Sunday, November 18, 2007

The Problems with Zorses

If you were to ask a zoo keeper which animal was the most dangerous, what answer would you expect? Would you expect them to talk about the tigers? Or maybe the grizzlies? Heck, even the bobcats can take their fair share of kills right? Would you believe him if he told you it was the zebras?

I mean...come on...they're just striped horses, right?

Zebras have actually earned the nickname “keeper killers” and they take that honor seriously. Most animals will run away once your down, but a zebra won't leave you alone until you are dead. There have been cases of zebras biting people and not letting go. Most people think that because a zebra looks like a horse, it most likely acts like one, however that could not be further from the truth. Zebras did not get along on the plains without learning a good healthy fear for primates and a few natural defenses to go with it. A good kick from a zebra has been known to kill a pursuing lion or hyena. Zebra stallions are particularly dangerous, and in zoo situations are known for attacking anything unfamiliar in a new habitat.

Unfortunately, there has been a recent trend in horse-people buying and breeding zebras as though they were merely striped horses. Here is one example. In fact, the link also raises hybrids called Zorses (and yes, zebras and horse can interbreed).Zorses and the like even have their own registry!Sadly, if you google “pet zebra” you get too many hits to name. The sites get even better when you add “sale” to the search field

Personally I think that this is a ridiculous endeavor to breed freaks that might put human life at risk. Wild animals are not domesticated and an animal as large and dangerous as a zebra should never be kept as a pet. Many of these zebra fanatics tell that zebras are trainable if you don't treat them like a horse. They do comment that the fight or flight instincts are always at the surface though. They spook more easily, and react more violently when the “fight” response is triggered. The websites selling them gloss over their more dangerous behaviors telling that it's the handlers fault when things go wrong. I agree, it's the handler's fault. It's the handler's fault for being dumb enough to buy a wild animal and keep it in a barn as a pet! Many of the people buying these animals are by no means experts on the species, which quickly becomes apparent through looking at the links that pop up.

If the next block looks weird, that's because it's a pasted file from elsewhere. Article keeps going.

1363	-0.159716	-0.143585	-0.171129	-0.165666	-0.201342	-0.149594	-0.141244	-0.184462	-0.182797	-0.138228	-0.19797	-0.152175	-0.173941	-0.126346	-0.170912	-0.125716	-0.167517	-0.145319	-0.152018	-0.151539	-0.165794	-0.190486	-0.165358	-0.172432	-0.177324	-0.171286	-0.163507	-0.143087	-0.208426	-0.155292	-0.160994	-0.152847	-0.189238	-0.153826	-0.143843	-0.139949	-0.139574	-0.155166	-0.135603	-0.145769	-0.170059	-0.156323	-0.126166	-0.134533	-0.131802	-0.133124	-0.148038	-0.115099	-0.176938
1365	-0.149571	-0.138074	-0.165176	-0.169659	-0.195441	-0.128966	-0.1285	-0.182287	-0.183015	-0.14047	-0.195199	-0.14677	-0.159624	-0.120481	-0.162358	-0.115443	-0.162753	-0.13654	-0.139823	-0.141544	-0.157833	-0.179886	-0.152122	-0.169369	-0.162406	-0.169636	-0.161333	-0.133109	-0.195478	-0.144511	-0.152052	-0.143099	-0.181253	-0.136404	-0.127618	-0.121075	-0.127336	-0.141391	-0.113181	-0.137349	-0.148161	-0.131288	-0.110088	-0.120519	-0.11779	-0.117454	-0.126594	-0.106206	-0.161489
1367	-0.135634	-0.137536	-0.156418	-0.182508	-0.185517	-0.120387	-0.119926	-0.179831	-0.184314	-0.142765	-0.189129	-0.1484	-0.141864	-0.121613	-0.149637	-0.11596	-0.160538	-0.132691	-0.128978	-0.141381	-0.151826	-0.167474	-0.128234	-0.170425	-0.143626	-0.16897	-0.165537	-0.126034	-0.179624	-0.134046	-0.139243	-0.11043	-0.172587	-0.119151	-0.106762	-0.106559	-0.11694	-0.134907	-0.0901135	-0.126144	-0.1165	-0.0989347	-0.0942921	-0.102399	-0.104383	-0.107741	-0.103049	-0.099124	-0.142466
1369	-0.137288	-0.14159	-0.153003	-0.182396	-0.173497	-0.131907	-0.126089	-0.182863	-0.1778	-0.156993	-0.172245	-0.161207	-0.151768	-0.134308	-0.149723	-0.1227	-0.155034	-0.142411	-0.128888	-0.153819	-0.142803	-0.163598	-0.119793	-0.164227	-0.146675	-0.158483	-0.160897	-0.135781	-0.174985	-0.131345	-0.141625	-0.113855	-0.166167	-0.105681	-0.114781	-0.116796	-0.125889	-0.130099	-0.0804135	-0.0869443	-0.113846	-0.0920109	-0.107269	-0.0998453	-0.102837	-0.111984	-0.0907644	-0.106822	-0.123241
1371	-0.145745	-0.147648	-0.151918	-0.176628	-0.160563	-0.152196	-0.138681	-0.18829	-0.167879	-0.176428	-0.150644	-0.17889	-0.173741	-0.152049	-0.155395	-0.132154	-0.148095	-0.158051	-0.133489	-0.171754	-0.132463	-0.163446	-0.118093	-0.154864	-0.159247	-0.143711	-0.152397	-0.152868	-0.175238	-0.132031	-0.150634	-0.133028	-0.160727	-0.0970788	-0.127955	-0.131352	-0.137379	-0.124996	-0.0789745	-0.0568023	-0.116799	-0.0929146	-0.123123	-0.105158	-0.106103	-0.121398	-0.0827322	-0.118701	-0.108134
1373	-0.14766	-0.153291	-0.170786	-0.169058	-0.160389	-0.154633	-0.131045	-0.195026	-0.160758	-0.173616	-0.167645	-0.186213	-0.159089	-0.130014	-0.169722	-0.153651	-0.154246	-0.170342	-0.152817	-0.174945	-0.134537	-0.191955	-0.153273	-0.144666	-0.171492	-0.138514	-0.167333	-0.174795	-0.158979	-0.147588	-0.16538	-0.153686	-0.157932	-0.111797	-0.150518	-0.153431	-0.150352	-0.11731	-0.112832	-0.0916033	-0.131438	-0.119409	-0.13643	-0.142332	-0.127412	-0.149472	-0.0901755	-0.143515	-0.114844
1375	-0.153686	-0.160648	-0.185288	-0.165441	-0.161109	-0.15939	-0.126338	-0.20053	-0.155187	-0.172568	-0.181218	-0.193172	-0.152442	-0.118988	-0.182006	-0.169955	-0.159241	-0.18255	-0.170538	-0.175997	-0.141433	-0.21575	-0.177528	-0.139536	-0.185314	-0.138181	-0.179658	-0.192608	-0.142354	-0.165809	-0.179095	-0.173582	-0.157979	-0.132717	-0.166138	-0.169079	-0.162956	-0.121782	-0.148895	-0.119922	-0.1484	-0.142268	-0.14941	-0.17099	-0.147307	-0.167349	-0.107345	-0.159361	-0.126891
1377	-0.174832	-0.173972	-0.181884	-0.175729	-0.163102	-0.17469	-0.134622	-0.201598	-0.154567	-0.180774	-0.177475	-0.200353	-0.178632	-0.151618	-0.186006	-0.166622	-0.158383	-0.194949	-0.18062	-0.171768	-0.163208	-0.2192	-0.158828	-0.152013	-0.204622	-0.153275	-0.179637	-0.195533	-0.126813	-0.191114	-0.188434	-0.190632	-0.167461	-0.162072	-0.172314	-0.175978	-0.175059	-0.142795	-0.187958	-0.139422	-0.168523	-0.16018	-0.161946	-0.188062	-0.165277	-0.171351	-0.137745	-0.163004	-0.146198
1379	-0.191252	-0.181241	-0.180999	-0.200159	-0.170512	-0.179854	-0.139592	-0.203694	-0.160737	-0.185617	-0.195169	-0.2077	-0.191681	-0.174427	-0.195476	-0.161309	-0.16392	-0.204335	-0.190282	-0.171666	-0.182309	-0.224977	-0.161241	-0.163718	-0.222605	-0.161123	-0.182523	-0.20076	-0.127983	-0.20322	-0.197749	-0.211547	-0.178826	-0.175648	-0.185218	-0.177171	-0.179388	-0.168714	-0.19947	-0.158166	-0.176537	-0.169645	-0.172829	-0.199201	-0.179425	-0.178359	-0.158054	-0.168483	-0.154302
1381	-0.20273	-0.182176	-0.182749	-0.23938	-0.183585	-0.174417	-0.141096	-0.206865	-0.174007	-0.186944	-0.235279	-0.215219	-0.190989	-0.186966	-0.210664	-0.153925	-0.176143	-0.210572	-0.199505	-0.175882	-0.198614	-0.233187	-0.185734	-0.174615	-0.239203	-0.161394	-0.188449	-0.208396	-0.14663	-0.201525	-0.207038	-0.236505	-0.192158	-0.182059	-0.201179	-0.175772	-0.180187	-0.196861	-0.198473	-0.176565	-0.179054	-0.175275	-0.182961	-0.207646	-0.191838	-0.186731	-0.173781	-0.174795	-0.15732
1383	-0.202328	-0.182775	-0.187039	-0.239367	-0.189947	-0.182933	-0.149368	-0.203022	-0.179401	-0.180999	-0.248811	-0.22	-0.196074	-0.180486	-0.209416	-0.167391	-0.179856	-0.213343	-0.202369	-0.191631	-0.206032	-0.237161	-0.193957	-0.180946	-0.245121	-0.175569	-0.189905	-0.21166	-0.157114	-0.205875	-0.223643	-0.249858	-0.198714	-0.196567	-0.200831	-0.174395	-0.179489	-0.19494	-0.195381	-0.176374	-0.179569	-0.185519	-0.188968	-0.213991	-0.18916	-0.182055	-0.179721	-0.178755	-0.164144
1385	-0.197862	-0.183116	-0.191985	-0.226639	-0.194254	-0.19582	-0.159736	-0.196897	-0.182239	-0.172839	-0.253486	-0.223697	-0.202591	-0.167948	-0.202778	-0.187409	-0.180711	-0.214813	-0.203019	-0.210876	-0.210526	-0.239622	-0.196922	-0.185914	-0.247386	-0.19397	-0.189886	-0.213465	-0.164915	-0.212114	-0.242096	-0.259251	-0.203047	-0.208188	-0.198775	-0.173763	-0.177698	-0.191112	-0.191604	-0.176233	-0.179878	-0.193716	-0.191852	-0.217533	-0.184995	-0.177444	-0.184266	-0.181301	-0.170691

Domesticated animals are the result of many generations of selective breeding, choosing the animals with the best temperaments to produce calm progeny so that eventually the animals are docile enough to be handled regularly. Not all domestic horses are easily handled, some can be very dangerous, especially some stallions. However, unlike the zebra, we have specific methods of dealing with domestic stock that do not work on their wild brethren. Zebras are physically stronger than horses, and their horse-looks and small stature makes many underestimate what they are capable of.Although there is a class for them in the american donkey and mule association, they strongly encourage anyone looking to get one to gain a lot of experience beforehand.

The people that promote the zorse and zonkey breeding programs tout that this is an “incredible research opportunity” to learn about hybrids. They talk about how much can be learned by studying their behaviors. This may be the case, however none of the websites are written by or deal with real scientists. Most sell their stock as pets into homes (most are being sold and used as “pasture ornaments”).

Further places to go for information

A fact sheet from the Philadelphia zoo

Animal Science 103 goes into zebra behavior a little, Lecturer Nancy Malcuit's speech on zebras is quite funny.


At 12:40 PM, Blogger PWH said...

zorses??? what a name! great job on the blog

Posted by Jennifer McGrath

At 5:29 PM, Anonymous Anonymous said...

I don't understand this type of human behavior either. Why do people feel the need to own exotic and wild animals, that can be dangerous? As you said, people need to realize cats and dogs have breed for thousands of years to be domesticated. I beleive Chris Rock said it best, "That tiger didn't go crazy, that tiger went tiger!" (Talking about circus tiger that attacked Roy Horn of Siegfried & Roy)

-Henry Rafferty

At 7:18 PM, Anonymous Anonymous said...

I agree that the owners of these hybrids deserve what they get, a zebra seems to be an animal who deals with enormous amounts of stress from potential predators, I can't imagine that there that much stronger and that it would be worth risking your life in attempt to raise them as pets. I'm sure there find some way through gene therapy or some other means to tone done their temper. Ha! Zorse and Zonkey, what's next a zony and a zunicorn? People need new hobbies.


At 11:50 PM, Anonymous Anonymous said...

Wow this is a really crazy article about breeding horses. I'm actually shocked to find out that zebras are more aggressive than horses. Do you think the stripes are indicative that they are more dangerous and should not be toyed with? Great article, really sparked my interest.

Harvmit Huang


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